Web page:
BeautySupply https://www.beautyproducts.online Cosmetics Fragrances and Beauty Products, Hair Care, Men's Perfume, Fragrance Women, Oils Makeup and nails, Health Beauty new releases and news Fri, 24 Jan 2020 13:02:11 +0000 en-US hourly 1 https://wordpress.org/?v=5.3.2 https://i0.wp.com/www.beautyproducts.online/wp-content/uploads/2019/04/cropped-cropped-Beauty-160-x-160-1.png?fit=32%2C32&ssl=1 BeautySupply https://www.beautyproducts.online 32 32 120636486 Skydiving, kayaking, fly fishing: Virtual reality therapy is taking paralyzed veterans to new places – Tech Xplore https://www.beautyproducts.online/skydiving-kayaking-fly-fishing-virtual-reality-therapy-is-taking-paralyzed-veterans-to-new-places-tech-xplore/ Fri, 24 Jan 2020 13:02:11 +0000 https://www.beautyproducts.online/skydiving-kayaking-fly-fishing-virtual-reality-therapy-is-taking-paralyzed-veterans-to-new-places-tech-xplore/ Credit: CC0 Public Domain A car wreck in 1983 paralyzed Navy veteran Mike Erbe from the waist down, but he fought to stay positive, stay active. He finished his engineering degree. He got his pilot’s license. It’s getting harder though as he gets older, especially while staring at four hospital walls. A urinary tract infection

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veteran Credit: CC0 Public Domain

A car wreck in 1983 paralyzed Navy veteran Mike Erbe from the waist down, but he fought to stay positive, stay active. He finished his engineering degree. He got his pilot’s license.

It’s getting harder though as he gets older, especially while staring at four hospital walls. A that became life-threatening landed Erbe, 72, of Alton, in the St. Louis VA Medical Center last fall, where he has since been trying to recover.

But lately, he’s been fly fishing, downhill skiing and floating around in a spacecraft, which is helping a lot.

During Erbe’s recent visit to what patients call the “vet cave” at the Jefferson Barracks facility—a hangout with adaptive games and exercise equipment—recreational therapist Matt Luitjohan straps large goggles over his eyes.

“Are you going to fly with the Blue Angels today?” asks Luitjohan, who specifically works with spinal cord injury patients.

“Yeah, let’s do that,” Erbe answered eagerly.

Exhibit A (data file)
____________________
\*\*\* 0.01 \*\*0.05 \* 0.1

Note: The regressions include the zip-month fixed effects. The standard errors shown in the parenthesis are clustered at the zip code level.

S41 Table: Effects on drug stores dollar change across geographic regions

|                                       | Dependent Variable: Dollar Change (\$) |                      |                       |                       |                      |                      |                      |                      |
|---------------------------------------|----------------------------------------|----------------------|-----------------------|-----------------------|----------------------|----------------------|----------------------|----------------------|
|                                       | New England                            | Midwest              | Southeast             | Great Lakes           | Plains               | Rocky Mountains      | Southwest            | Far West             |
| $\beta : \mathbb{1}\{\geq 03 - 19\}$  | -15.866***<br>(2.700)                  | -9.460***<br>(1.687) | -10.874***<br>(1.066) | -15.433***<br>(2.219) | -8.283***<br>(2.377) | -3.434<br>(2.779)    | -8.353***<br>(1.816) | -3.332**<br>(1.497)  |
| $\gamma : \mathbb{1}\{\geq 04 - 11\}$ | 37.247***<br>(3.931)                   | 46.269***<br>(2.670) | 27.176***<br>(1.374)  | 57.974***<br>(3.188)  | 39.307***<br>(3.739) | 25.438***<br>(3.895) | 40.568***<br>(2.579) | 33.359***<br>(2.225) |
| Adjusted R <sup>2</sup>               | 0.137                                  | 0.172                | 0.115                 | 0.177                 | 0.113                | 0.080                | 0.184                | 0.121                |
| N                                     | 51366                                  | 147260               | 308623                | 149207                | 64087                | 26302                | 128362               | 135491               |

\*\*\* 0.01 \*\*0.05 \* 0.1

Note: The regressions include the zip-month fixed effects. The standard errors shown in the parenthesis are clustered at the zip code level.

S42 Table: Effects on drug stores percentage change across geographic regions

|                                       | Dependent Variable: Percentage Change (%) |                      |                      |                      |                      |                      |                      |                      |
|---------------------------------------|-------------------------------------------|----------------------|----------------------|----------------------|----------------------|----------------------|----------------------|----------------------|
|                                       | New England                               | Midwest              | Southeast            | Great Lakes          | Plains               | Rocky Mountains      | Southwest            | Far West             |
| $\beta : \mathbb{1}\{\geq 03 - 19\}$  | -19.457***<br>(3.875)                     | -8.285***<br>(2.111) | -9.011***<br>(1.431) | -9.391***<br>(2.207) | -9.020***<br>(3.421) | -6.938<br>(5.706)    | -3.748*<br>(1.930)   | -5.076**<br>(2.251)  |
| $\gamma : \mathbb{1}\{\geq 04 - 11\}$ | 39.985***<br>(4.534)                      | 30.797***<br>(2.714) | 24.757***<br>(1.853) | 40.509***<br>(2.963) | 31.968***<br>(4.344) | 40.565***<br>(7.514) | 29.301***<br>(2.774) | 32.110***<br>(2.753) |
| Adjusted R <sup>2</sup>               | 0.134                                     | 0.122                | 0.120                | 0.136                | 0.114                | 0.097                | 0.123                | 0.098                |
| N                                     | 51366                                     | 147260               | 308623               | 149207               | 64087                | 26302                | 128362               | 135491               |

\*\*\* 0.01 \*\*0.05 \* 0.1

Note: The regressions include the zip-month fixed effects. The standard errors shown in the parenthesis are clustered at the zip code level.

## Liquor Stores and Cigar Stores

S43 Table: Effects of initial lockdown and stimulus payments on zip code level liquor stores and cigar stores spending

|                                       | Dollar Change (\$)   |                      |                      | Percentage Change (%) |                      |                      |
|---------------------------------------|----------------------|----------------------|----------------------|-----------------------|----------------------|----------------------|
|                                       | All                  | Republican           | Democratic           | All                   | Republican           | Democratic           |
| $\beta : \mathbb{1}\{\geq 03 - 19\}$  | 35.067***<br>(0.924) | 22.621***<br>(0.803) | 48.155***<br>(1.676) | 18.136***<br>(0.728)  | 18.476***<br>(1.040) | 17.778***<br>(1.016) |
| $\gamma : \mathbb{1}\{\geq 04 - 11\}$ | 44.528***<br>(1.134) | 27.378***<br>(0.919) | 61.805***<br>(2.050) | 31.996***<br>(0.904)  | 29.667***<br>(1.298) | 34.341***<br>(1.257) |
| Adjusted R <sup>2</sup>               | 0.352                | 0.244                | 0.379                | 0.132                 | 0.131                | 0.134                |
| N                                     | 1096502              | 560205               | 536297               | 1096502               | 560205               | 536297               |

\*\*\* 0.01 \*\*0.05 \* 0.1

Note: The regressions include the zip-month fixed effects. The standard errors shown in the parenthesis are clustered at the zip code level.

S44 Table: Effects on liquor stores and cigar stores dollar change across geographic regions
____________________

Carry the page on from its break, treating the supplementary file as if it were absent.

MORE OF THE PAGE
Last summer, the St. Louis VA began integrating into therapy for patients with paralysis. Much more than a cool diversion or entertainment, it’s a useful tool in helping patients cope and encouraging them to lead active lives.

When wearing the goggles, users see a simulated, three-dimensional world. The latest technology includes wireless hand-held joysticks that allow users to manipulate and explore their virtual surroundings. They can move through a small space with perceived barriers such as a wall or edge.

“You can look down and see your feet. It’s like you are standing on a pier fishing. Everything looks right. When you move, it feels like you are walking down the pier,” Erbe said. “You really feel like, oh my god, I’m going too fast or I’m going too far.”

Patients can box, learn tai chi, shoot a bow and arrow, and even feel like they are reeling in a big fish.

“We can have a veteran in a funk, where their life has drastically changed, and show them that just because things are different, doesn’t mean you can’t do this or do that. It’s still possible,” Luitjohan said. “It just takes adaptations.”

New therapeutic programs designed for virtual reality not only can help with pain management and behavioral therapy, but also have the capability of measuring things such as reaction time, range of motion and cognitive function to determine whether patients are progressing.

One maker of the applications, XRHealth, was founded about four years ago in Israel. The St. Louis VA is one of 50 hospitals in the two countries—and the only veterans’ hospital—using the company’s technology to improve health in a variety of ways, says CEO Eran Orr.

“At the end of day, we believe this technology can help patients improve their well-being and improve health outcomes,” Orr said. “We believe we should treat this technology as a medical device, not just another gaming or patient-experience tool.”

Life Wasn’t Over

“Ohhh, dude. He’s about 20-feet off the runway, burning down the runway. Oh no. Hard turn,” Erbe said as he virtually flies in with the U.S. Navy’s aerobatic demonstration squadron, feeling the gravitational G-force. “They must be taking about 7 or 8 Gs. Ohhh, man.”